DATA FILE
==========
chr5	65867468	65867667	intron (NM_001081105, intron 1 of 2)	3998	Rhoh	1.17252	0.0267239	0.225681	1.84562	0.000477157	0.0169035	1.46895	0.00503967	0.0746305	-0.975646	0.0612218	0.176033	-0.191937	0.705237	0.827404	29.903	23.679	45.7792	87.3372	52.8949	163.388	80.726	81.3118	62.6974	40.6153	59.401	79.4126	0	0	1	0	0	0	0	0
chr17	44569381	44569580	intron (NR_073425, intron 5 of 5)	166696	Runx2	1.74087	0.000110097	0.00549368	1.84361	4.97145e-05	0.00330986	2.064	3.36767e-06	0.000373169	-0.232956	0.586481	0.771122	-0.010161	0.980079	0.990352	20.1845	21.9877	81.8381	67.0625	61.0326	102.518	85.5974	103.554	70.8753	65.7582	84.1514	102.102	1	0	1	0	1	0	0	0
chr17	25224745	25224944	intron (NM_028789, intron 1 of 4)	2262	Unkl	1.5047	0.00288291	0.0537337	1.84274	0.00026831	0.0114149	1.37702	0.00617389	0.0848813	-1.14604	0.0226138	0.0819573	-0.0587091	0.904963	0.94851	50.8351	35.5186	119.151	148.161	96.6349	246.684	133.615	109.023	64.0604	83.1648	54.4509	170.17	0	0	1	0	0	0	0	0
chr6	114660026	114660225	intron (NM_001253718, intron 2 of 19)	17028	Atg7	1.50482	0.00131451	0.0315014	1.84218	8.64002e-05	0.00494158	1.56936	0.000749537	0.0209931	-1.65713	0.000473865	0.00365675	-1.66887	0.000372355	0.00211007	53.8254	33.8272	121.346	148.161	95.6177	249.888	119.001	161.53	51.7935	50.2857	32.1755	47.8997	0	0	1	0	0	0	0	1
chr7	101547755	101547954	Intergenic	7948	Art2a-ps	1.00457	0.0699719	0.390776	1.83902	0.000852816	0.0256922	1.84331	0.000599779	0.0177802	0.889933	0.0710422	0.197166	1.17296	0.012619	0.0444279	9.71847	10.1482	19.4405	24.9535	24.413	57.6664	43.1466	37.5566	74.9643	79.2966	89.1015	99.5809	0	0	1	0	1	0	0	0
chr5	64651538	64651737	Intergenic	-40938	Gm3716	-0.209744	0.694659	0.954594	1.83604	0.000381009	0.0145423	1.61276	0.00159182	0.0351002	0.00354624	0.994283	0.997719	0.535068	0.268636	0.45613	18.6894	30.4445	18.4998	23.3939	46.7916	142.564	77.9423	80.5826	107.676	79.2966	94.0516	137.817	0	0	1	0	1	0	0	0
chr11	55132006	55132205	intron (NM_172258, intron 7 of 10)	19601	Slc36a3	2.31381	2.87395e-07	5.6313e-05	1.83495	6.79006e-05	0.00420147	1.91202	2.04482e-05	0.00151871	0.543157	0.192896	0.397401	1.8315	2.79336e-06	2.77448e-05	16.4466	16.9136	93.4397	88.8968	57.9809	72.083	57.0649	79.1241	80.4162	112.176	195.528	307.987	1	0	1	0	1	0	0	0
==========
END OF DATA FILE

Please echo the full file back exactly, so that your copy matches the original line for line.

chr5	65867468	65867667	intron (NM_001081105, intron 1 of 2)	3998	Rhoh	1.17252	0.0267239	0.225681	1.84562	0.000477157	0.0169035	1.46895	0.00503967	0.0746305	-0.975646	0.0612218	0.176033	-0.191937	0.705237	0.827404	29.903	23.679	45.7792	87.3372	52.8949	163.388	80.726	81.3118	62.6974	40.6153	59.401	79.4126	0	0	1	0	0	0	0	0
chr17	44569381	44569580	intron (NR_073425, intron 5 of 5)	166696	Runx2	1.74087	0.000110097	0.00549368	1.84361	4.97145e-05	0.00330986	2.064	3.36767e-06	0.000373169	-0.232956	0.586481	0.771122	-0.010161	0.980079	0.990352	20.1845	21.9877	81.8381	67.0625	61.0326	102.518	85.5974	103.554	70.8753	65.7582	84.1514	102.102	1	0	1	0	1	0	0	0
chr17	25224745	25224944	intron (NM_028789, intron 1 of 4)	2262	Unkl	1.5047	0.00288291	0.0537337	1.84274	0.00026831	0.0114149	1.37702	0.00617389	0.0848813	-1.14604	0.0226138	0.0819573	-0.0587091	0.904963	0.94851	50.8351	35.5186	119.151	148.161	96.6349	246.684	133.615	109.023	64.0604	83.1648	54.4509	170.17	0	0	1	0	0	0	0	0
chr6	114660026	114660225	intron (NM_001253718, intron 2 of 19)	17028	Atg7	1.50482	0.00131451	0.0315014	1.84218	8.64002e-05	0.00494158	1.56936	0.000749537	0.0209931	-1.65713	0.000473865	0.00365675	-1.66887	0.000372355	0.00211007	53.8254	33.8272	121.346	148.161	95.6177	249.888	119.001	161.53	51.7935	50.2857	32.1755	47.8997	0	0	1	0	0	0	0	1
chr7	101547755	101547954	Intergenic	7948	Art2a-ps	1.00457	0.0699719	0.390776	1.83902	0.000852816	0.0256922	1.84331	0.000599779	0.0177802	0.889933	0.0710422	0.197166	1.17296	0.012619	0.0444279	9.71847	10.1482	19.4405	24.9535	24.413	57.6664	43.1466	37.5566	74.9643	79.2966	89.1015	99.5809	0	0	1	0	1	0	0	0
chr5	64651538	64651737	Intergenic	-40938	Gm3716	-0.209744	0.694659	0.954594	1.83604	0.000381009	0.0145423	1.61276	0.00159182	0.0351002	0.00354624	0.994283	0.997719	0.535068	0.268636	0.45613	18.6894	30.4445	18.4998	23.3939	46.7916	142.564	77.9423	80.5826	107.676	79.2966	94.0516	137.817	0	0	1	0	1	0	0	0
chr11	55132006	55132205	intron (NM_172258, intron 7 of 10)	19601	Slc36a3	2.31381	2.87395e-07	5.6313e-05	1.83495	6.79006e-05	0.00420147	1.91202	2.04482e-05	0.00151871	0.543157	0.192896	0.397401	1.8315	2.79336e-06	2.77448e-05	16.4466	16.9136	93.4397	88.8968	57.9809	72.083	57.0649	79.1241	80.4162	112.176	195.528	307.987	1	0	1	0	1	0	0	0